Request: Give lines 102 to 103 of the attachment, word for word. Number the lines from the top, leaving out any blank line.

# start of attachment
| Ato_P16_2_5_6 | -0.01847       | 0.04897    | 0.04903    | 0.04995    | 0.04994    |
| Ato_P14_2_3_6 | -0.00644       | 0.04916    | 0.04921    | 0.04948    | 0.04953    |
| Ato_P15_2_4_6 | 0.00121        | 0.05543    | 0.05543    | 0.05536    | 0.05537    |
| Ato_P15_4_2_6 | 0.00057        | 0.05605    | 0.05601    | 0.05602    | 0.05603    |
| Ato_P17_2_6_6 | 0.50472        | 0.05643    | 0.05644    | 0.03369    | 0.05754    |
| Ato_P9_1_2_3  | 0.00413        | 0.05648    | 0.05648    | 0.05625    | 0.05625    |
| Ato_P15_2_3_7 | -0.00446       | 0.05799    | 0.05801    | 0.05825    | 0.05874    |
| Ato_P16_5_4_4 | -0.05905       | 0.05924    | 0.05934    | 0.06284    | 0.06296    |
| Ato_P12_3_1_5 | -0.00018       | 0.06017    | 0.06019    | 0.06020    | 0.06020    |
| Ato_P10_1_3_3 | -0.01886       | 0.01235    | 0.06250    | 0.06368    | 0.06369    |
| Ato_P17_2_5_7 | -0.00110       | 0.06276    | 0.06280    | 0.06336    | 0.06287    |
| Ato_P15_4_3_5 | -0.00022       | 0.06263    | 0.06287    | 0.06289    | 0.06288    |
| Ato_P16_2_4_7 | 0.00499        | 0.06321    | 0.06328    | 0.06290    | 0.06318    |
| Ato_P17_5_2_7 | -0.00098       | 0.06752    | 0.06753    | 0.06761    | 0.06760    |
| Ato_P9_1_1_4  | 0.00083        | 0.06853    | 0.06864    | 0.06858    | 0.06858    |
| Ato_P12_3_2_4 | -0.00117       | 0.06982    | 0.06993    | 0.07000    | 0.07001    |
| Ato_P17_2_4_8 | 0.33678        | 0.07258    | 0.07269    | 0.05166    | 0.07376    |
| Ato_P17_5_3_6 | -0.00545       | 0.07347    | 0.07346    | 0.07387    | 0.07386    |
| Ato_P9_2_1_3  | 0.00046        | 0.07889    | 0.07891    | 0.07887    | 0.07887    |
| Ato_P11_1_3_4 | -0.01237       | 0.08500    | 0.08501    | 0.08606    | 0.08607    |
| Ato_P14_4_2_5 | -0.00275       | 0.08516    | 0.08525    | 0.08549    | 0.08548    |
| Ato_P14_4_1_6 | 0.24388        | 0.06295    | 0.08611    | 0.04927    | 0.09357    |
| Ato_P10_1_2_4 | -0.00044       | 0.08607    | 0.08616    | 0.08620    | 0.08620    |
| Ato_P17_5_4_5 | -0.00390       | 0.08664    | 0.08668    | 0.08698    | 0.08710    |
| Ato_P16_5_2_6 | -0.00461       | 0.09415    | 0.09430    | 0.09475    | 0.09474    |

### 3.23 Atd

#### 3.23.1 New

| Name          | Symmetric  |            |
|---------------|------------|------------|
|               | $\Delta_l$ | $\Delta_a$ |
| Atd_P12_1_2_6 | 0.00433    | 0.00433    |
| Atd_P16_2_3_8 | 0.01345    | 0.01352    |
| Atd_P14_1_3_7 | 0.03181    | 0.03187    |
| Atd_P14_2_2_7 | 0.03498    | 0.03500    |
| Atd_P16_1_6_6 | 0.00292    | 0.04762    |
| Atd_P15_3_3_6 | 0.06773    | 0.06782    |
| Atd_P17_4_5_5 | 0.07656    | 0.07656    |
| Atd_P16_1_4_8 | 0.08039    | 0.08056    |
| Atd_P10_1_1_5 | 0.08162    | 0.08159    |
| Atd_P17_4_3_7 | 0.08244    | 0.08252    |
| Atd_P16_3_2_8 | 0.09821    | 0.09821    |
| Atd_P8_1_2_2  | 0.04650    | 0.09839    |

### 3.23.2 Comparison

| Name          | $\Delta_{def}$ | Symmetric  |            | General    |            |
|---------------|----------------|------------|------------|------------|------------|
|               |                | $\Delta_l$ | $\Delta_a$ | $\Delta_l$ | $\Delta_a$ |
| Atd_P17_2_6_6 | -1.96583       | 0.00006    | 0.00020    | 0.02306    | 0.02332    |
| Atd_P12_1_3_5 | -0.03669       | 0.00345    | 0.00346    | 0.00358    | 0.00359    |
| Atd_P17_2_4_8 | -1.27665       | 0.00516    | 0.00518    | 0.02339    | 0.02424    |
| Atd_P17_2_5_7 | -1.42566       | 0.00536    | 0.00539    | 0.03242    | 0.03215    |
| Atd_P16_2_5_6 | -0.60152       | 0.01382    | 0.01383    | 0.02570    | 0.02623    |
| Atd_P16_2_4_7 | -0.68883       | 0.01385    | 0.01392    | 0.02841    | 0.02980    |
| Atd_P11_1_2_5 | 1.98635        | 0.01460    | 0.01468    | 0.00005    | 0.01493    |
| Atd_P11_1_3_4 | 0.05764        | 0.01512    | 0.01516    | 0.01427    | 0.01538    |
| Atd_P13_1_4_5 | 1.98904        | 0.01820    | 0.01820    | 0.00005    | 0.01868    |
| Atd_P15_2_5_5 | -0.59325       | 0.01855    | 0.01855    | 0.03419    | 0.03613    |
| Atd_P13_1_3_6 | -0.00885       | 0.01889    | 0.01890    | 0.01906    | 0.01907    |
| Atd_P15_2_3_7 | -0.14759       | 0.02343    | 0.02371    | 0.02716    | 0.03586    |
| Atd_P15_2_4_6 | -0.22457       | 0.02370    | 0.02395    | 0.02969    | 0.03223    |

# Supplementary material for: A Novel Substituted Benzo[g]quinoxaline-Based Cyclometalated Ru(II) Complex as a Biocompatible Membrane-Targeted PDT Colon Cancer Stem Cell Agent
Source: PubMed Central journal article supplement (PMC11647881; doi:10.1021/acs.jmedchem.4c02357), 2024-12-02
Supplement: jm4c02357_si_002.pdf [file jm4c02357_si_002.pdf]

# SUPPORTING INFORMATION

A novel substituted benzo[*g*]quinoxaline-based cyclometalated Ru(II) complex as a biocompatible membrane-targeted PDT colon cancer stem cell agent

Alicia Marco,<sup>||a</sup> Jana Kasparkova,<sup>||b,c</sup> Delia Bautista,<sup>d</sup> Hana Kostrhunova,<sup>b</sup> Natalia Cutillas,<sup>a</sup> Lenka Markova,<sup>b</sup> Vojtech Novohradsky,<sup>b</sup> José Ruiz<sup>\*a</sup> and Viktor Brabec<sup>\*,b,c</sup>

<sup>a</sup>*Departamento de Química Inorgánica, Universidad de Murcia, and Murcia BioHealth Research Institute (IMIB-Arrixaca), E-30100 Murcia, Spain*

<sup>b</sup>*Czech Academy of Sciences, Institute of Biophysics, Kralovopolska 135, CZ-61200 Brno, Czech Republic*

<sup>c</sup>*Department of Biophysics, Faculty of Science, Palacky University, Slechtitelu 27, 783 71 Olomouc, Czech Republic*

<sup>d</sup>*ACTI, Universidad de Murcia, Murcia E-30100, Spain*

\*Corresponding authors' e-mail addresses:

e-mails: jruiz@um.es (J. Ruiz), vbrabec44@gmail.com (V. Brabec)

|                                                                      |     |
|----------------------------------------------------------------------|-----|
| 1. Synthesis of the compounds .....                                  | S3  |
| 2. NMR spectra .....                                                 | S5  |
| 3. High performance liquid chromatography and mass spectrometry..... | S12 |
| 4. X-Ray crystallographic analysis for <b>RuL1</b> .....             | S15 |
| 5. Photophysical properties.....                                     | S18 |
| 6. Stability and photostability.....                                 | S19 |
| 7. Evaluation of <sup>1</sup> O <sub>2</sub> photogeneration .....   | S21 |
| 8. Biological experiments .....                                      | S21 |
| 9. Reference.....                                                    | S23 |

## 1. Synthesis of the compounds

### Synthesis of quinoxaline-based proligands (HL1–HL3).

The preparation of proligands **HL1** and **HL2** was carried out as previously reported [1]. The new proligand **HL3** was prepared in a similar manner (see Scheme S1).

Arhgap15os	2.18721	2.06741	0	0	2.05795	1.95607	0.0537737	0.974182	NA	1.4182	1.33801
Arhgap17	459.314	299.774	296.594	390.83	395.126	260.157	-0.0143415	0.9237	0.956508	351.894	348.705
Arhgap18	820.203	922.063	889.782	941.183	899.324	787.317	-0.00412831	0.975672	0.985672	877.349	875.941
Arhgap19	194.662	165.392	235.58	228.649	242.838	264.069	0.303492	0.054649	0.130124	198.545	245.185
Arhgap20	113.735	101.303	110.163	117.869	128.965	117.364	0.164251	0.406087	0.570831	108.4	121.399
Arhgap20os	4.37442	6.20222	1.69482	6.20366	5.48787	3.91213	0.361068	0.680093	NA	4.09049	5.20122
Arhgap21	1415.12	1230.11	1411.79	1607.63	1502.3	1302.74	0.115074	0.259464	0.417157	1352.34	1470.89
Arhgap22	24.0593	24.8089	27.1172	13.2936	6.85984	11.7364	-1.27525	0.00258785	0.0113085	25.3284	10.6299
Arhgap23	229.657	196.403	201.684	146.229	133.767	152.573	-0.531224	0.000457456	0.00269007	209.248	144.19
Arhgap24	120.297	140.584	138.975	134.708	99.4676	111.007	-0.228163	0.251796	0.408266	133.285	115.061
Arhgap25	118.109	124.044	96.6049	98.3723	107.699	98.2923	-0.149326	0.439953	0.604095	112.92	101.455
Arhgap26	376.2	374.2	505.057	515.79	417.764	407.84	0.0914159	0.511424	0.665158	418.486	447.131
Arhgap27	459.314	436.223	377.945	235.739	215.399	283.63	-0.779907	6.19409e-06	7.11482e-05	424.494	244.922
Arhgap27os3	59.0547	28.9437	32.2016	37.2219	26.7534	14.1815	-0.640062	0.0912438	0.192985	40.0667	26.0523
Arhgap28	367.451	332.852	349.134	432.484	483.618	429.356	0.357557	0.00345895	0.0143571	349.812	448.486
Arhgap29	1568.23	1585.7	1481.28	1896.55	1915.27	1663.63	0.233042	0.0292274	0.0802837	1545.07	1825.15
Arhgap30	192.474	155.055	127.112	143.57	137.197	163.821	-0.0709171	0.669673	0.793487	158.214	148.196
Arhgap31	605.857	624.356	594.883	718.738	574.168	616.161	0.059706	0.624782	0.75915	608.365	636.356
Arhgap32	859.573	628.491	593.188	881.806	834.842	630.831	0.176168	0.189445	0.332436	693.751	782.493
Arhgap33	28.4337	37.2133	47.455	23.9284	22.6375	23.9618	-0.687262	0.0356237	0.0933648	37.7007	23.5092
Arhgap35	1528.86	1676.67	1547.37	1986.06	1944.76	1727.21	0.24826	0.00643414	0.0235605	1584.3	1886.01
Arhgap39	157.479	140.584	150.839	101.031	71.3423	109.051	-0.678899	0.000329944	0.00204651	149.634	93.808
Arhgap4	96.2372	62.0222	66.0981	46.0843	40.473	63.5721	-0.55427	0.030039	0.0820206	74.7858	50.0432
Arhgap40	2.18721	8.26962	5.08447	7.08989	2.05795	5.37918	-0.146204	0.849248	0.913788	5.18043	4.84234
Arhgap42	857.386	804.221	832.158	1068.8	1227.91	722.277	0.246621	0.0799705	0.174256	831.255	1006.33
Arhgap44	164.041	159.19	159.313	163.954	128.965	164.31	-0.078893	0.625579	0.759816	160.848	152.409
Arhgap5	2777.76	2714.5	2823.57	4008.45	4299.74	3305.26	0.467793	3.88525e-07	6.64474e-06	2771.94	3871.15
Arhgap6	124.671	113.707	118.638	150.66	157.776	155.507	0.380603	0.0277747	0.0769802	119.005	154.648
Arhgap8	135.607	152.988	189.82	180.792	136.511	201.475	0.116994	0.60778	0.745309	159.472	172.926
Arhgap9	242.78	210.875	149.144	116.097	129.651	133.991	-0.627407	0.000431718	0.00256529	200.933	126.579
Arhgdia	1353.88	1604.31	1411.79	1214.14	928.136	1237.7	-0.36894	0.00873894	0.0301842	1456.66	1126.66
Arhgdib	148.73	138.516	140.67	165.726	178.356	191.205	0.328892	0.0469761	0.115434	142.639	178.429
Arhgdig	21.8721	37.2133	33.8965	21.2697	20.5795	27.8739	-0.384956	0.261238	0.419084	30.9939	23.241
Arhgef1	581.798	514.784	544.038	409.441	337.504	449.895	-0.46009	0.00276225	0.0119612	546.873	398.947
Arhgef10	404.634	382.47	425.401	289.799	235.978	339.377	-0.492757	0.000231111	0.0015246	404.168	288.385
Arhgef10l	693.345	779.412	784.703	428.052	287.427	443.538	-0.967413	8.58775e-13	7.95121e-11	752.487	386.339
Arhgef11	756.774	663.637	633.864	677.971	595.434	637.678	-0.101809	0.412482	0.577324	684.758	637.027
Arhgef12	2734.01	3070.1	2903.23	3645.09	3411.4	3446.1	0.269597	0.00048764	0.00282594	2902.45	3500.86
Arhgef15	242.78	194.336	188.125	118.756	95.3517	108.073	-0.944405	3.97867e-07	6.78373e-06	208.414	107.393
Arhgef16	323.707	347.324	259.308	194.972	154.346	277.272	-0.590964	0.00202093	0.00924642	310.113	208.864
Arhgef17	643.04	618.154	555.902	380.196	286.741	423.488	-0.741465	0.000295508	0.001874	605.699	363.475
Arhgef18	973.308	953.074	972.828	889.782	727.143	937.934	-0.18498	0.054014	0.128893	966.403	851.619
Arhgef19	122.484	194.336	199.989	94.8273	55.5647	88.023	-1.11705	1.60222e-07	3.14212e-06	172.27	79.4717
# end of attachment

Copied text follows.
Arhgap30	192.474	155.055	127.112	143.57	137.197	163.821	-0.0709171	0.669673	0.793487	158.214	148.196
Arhgap31	605.857	624.356	594.883	718.738	574.168	616.161	0.059706	0.624782	0.75915	608.365	636.356